How are Chicago neighborhoods faring when it comes to housing recovery and distressed homes? It has been a number of years since the housing bubble burst, but distressed homes still line a number of streets. However, according to a recent article in Crain’s Chicago Business, the fact that distressed homes remain on the market is not necessarily a bad thing. The article suggests that these properties are an “improbable bright spot” in “Chicago’s lackluster residential real estate market.”
Finding Value in Distressed Properties
For individuals selling their homes, there is not a lot of opportunity in the Chicago market to make a profit right now. However, as the article notes, “banks and other firms selling foreclosed houses were far luckier.” The median sale price for distressed homes, including foreclosures and short sales, actually rose by 6.3% in 2015. To put that number in perspective, the median sale price increase for conventional home sales was only 0.4% last year. In other words, the price increase on distressed homes was 16 times better than the price increase on standard properties.
This gap between distressed and conventional property sales is not limited to lower socioeconomic brackets. The disparity in sale prices “shows up even in many more-affluent parts of Chicago and its suburbs where the real estate recovery came earlier and stronger than it has for the metropolitan market as a whole,” according to the article. On the Near North Side of Chicago, for instance, lender-mediated sales rose by about 6% by the end of 2015, compared with a 2.8% price increase for conventional properties. In Buffalo Grove, for example, lender-mediated sales climbed nearly 19%.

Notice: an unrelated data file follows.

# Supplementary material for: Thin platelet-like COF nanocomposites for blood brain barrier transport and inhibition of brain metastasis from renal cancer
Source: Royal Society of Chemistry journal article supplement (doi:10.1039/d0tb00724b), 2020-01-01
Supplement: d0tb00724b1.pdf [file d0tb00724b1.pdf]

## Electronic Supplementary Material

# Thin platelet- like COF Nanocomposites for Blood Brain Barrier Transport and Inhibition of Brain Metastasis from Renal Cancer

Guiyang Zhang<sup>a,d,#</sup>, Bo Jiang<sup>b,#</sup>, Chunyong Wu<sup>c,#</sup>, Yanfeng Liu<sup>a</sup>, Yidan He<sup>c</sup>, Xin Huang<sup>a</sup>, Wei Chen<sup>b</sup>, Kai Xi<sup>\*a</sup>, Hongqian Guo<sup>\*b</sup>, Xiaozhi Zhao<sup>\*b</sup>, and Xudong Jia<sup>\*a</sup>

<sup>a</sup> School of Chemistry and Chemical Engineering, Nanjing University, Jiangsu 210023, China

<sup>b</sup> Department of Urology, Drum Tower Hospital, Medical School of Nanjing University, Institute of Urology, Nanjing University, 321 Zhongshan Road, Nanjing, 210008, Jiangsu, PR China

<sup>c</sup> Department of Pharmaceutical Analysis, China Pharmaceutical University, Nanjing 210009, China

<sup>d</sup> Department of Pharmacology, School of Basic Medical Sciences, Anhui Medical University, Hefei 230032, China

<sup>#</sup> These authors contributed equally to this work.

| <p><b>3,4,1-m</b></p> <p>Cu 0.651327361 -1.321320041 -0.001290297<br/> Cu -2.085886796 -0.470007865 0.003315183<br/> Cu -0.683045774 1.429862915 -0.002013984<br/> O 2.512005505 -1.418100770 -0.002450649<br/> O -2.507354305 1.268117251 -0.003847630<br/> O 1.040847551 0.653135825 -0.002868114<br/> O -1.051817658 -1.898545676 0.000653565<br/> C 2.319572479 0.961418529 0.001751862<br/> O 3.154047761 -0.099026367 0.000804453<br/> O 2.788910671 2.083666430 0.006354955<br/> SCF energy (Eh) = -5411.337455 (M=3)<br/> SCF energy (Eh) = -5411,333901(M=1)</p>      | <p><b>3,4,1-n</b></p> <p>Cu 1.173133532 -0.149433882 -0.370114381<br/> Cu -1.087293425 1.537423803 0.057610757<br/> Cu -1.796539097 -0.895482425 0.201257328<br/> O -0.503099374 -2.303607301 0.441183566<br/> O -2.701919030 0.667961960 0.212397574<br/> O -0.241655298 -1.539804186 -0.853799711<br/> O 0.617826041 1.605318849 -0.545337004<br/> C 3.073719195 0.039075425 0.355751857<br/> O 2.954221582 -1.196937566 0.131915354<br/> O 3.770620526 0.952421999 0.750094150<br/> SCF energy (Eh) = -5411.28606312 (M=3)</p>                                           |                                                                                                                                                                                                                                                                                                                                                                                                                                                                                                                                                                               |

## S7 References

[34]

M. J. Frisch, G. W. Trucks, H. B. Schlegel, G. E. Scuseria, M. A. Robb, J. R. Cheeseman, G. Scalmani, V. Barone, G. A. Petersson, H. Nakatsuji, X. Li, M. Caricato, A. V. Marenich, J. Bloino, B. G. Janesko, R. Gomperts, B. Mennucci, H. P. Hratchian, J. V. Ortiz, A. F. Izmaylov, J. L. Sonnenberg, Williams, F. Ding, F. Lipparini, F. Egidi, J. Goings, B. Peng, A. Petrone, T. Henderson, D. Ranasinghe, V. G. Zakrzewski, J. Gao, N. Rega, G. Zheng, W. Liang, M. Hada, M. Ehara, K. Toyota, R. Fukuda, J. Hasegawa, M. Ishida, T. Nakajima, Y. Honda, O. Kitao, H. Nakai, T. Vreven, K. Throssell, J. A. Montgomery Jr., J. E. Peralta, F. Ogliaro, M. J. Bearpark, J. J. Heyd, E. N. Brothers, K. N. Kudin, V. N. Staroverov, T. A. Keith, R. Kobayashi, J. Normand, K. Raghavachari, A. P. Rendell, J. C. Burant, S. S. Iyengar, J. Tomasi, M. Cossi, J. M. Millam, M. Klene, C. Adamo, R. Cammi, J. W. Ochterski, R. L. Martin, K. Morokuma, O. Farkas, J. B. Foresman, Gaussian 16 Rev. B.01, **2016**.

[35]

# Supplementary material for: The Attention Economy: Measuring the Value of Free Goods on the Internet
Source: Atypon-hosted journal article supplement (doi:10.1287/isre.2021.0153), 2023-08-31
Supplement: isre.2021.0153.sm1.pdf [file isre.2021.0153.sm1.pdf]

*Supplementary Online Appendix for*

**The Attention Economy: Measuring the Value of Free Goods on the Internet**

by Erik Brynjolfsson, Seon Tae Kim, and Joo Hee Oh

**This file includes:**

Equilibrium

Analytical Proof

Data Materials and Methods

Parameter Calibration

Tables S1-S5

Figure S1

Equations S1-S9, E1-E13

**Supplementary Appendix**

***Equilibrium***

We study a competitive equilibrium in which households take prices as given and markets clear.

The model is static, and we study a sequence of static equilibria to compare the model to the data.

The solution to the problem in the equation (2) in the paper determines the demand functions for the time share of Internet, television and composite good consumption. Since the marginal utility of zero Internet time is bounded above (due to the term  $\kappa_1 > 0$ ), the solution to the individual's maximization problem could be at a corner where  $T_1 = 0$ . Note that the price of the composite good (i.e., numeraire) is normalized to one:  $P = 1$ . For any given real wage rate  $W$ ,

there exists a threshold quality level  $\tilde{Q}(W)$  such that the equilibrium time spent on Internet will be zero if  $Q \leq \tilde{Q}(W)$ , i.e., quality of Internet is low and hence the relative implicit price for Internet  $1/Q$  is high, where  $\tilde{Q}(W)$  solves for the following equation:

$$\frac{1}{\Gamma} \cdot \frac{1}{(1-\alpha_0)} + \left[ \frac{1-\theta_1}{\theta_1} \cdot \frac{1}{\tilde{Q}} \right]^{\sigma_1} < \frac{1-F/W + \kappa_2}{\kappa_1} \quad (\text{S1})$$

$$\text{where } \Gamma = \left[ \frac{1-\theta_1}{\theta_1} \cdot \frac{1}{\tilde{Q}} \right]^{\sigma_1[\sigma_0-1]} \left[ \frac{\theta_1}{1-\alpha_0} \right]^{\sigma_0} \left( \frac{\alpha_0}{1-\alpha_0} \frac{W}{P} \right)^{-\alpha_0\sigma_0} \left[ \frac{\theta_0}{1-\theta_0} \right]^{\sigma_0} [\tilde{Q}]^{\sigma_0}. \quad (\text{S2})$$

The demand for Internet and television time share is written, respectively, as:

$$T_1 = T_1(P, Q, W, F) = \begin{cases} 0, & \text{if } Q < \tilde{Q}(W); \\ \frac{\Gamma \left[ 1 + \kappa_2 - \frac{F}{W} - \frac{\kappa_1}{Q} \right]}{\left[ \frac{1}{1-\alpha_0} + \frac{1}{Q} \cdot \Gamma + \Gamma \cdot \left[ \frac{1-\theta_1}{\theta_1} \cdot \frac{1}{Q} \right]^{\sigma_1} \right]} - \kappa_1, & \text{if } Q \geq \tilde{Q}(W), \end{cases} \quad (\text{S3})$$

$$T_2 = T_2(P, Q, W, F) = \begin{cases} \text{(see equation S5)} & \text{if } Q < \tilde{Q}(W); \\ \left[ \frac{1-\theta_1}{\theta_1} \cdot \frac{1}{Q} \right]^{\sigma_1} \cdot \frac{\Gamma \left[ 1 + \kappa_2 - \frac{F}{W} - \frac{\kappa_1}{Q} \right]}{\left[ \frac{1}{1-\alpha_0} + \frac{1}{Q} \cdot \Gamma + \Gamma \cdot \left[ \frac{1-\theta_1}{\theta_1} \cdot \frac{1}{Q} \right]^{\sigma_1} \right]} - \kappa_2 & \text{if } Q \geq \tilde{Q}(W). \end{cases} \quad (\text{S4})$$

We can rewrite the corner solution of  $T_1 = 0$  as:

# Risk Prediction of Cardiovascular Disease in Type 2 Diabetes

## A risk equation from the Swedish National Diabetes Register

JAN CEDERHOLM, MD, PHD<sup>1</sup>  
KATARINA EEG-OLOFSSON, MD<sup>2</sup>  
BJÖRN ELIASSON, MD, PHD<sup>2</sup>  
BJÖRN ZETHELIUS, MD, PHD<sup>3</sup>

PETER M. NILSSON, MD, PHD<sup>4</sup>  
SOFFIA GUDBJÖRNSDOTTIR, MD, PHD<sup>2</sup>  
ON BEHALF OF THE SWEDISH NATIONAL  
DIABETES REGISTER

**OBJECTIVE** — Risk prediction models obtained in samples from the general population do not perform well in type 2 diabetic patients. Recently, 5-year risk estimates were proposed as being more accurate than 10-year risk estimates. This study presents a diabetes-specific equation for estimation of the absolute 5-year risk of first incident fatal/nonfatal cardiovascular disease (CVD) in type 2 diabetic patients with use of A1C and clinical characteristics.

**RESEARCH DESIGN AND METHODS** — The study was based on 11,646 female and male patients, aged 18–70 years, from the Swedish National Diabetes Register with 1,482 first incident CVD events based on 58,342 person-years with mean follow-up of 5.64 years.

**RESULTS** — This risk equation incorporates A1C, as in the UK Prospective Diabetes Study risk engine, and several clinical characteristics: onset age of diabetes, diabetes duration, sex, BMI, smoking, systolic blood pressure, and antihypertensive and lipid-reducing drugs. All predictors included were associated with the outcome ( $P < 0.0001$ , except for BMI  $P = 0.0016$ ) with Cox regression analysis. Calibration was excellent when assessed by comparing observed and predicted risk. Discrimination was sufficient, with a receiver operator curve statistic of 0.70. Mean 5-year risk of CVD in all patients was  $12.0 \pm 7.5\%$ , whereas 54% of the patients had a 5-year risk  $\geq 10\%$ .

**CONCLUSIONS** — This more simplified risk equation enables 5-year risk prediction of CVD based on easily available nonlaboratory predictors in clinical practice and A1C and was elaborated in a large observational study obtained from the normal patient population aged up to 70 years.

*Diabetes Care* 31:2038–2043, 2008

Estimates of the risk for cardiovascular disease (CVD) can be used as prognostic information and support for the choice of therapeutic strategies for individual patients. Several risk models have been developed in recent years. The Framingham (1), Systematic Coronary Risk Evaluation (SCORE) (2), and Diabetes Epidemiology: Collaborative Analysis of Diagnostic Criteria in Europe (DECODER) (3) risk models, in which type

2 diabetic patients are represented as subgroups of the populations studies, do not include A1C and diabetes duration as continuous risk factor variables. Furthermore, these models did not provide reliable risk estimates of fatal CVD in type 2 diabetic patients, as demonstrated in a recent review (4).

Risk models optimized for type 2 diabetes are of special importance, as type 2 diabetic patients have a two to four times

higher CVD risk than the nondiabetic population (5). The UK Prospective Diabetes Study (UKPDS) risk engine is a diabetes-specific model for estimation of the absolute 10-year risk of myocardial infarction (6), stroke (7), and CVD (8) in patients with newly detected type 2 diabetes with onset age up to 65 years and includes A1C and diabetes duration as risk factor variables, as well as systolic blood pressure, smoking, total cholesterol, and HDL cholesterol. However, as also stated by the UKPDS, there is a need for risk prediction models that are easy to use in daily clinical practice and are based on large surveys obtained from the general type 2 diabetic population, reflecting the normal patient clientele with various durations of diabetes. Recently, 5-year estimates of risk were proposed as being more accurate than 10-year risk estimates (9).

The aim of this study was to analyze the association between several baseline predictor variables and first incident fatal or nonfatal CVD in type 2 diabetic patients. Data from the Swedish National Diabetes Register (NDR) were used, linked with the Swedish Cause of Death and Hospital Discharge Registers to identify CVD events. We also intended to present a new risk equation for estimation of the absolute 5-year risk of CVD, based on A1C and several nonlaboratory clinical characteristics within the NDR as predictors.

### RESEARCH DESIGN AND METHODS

Need for an Improving Economy in Chicago
While it might seem as though high selling prices on distressed homes is a good thing, it may point to a sluggish Chicago economy. Chicago has seen relatively stagnant job growth and limited investment returns. The decline in conventional home sales may be evidence of the sluggish economy.
In terms of decreasing conventional home prices in Chicagoland, sales showed no growth at all in Evanston last year, and home prices dropped in Oak Park by 4.1%. In other words, the conventional real estate market does not look especially good outside out distressed home sales. But at the same time, the fact that more distressed homes are getting bought is a good thing, no matter what lens you view it through, according to the article.
According to Jonathan Smoke, the chief economist at Realtor.com, this trend is a common one toward the end of real estate recovery periods. While he remarks that Chicago remains behind in its recovery compared to many other urban areas in the U.S., the price gap that we are seeing between distressed and conventional properties simply makes clear that Illinois is “working through [its] foreclosure overhang.”
If you have questions about distressed properties or avoiding foreclosure, an experienced Oak Park foreclosure defense attorney can help. Contact the Emerson Law Firm today to learn more about how we can assist you.
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